1992 Graduate Student Scholarship, 2012 Clinical Research Grant
A Smart Investment
Carolyn Baylor has a history with the ASHFoundation.
In 1992, as a master’s student studying speech-language pathology at the University of Washington (UW), Baylor was awarded an ASHFoundation Graduate Student Scholarship. In 2012, now on the faculty of UW, she received an ASHFoundation Clinical Research Grant. In 2016, her work is successful and ongoing, which just proves the ASHFoundation made a very smart investment in 1992.
Baylor, a member of the Department of Rehabilitation Medicine at UW, has always been interested in both clinical care and clinical research. In the area of clinical care those interests are with adults who have a wide variety of neurologic and acquired communication disorders, including those with aphasia. She also has a clinical interest in individuals with voice disorders and head and neck cancer.
Baylor’s involvement in clinical research developed as a natural extension of her curiosity regarding issues she observed during her work in clinical care. Those early experiences led to her fruitful and now long-time collaboration with colleagues in UW’s Department of Rehabilitation Medicine on “developing procedures to measure clinical outcomes with a specific focus on self-report measures of the impact of communication disorders on life participation for adults across a range of different communication disorders.”
The group has developed a measure called the Communicative Participation Item Bank (CPIB) that they have been using successfully for both clinical and research purposes. The CPIB is, as Baylor describes it, “a patient-reported outcome measure that collects information from the patient’s perspective, especially in the area of communicative participation.” Baylor and her colleagues seek to measure outcomes that are related to an individual’s communication condition, that is, “how do the patient’s communication impairments, along with social and environmental factors, interfere with communication in different speaking conditions?”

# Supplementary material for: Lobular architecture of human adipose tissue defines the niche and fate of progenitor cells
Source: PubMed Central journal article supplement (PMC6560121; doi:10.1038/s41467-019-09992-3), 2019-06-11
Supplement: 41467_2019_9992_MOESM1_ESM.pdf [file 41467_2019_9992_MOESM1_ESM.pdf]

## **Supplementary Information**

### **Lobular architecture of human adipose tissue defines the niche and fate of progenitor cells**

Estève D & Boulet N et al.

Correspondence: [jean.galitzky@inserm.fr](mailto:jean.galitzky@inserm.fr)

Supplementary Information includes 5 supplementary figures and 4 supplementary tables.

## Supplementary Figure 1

The group described the work in an article in the Journal of Speech, Language, and Hearing Research (2013, JSLHR, 56, 1190-1208) that reports data on a short form of the measure in patients with multiple sclerosis, Parkinson’s disease, amyotrophic lateral sclerosis, and head and neck cancer. “We were able to reduce the number of items in the measure,” Baylor summarizes, “and still achieve good measurement precision with no significant differences across the four clinical groups.”
So, this brings us back to that history of Baylor’s with the ASHFoundation, which began in 1992. Here’s how that initial investment is still paying off: In 2012 Baylor was awarded an ASHFoundation Clinical Research Grant to conduct a study entitled “Validating the Communicative Participation Item Bank for the Aphasia Population,” a proposal that was an extension of the earlier research she and her colleagues had performed on CPIB, this particular work validating the CPIB specifically for people with aphasia. The continuing research was made possible because in 1992 Baylor was awarded a Graduate Student Scholarship by the ASHFoundation that sealed her interest in clinical care and clinical research.
It should also be said that, along the way, NIH also awarded Baylor funding—and is still awarding her funding—from the National Institute for Deafness and Other Communication Disorders. Which only proves further that the ASHFoundation knew what it was doing in 1992.
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